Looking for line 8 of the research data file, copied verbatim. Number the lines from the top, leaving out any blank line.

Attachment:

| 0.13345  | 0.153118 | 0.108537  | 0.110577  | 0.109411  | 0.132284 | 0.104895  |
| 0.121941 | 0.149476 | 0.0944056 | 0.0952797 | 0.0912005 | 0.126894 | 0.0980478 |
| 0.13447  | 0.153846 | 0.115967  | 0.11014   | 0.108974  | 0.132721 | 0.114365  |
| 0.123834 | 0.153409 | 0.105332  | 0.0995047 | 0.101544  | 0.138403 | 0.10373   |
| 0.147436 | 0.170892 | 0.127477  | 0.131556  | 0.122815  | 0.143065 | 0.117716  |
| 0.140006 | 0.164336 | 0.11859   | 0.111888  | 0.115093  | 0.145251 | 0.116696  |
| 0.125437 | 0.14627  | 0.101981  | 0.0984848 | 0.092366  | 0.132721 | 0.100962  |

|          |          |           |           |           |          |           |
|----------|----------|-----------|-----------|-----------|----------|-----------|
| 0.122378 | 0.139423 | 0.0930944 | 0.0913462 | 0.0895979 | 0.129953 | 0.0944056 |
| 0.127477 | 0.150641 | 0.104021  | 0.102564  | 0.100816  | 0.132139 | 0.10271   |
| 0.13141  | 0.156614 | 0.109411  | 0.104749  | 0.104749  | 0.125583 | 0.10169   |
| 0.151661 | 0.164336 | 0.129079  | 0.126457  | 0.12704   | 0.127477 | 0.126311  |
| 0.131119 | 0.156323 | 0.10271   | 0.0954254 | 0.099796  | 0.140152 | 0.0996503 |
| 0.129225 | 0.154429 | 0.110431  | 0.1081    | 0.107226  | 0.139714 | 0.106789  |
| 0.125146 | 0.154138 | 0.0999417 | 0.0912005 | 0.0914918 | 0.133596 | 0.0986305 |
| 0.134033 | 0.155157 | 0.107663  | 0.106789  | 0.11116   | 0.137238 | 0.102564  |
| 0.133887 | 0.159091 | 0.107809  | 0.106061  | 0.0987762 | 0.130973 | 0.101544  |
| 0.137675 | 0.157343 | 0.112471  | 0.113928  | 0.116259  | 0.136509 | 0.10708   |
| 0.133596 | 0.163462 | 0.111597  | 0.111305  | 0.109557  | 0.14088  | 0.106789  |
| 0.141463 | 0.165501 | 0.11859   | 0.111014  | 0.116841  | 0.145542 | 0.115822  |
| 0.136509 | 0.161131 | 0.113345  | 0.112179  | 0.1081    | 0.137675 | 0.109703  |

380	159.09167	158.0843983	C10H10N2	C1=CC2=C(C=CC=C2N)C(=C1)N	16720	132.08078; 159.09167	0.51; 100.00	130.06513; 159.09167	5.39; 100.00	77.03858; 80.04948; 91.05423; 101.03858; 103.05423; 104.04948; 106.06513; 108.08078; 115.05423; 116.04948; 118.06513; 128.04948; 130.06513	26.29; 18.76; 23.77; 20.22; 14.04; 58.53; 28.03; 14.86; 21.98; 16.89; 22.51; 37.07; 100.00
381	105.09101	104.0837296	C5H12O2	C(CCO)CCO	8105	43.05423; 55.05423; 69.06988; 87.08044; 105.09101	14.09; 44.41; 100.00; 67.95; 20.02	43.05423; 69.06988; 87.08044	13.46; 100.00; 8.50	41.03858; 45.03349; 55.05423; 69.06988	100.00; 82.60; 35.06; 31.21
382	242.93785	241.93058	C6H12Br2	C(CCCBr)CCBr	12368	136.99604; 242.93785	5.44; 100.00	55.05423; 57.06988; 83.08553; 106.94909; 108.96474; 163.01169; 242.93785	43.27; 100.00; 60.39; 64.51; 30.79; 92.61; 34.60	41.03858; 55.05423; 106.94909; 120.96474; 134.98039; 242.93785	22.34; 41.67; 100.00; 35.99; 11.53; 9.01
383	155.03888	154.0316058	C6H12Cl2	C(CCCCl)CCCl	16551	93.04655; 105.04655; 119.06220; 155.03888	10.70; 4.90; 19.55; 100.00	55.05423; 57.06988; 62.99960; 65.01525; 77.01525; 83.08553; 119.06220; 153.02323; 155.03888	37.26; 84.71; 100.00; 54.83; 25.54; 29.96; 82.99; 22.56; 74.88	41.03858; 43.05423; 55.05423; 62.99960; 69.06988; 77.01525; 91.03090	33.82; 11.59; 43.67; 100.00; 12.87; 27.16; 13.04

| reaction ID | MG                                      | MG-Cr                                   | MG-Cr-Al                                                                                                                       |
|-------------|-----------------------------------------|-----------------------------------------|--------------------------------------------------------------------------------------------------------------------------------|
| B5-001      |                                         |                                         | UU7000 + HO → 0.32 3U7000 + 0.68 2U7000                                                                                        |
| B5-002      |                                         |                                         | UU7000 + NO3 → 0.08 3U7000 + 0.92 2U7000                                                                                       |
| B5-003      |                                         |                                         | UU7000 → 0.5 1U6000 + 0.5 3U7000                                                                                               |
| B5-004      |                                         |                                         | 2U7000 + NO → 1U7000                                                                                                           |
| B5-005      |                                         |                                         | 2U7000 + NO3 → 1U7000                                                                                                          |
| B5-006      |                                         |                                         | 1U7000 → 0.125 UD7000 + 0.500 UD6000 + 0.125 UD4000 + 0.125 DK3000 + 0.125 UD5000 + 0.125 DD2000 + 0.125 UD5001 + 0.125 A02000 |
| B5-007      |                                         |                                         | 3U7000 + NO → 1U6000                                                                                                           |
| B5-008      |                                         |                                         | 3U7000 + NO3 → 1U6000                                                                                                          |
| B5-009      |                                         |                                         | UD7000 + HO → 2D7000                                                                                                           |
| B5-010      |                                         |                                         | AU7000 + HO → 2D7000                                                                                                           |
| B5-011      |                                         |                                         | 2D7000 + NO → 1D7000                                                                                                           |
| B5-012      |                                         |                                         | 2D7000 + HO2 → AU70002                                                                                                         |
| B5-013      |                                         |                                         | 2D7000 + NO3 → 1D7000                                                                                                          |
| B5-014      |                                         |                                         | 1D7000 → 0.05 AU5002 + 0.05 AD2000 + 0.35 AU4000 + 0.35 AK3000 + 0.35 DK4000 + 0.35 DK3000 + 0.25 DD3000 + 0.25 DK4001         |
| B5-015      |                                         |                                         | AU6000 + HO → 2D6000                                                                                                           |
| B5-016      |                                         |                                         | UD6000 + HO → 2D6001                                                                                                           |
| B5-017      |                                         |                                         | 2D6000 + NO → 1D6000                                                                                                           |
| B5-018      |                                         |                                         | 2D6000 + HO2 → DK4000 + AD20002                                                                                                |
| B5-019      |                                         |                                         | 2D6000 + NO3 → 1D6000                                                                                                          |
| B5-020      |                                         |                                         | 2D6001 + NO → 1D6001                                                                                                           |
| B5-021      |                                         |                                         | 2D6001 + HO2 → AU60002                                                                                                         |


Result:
|          |          |           |           |           |          |           |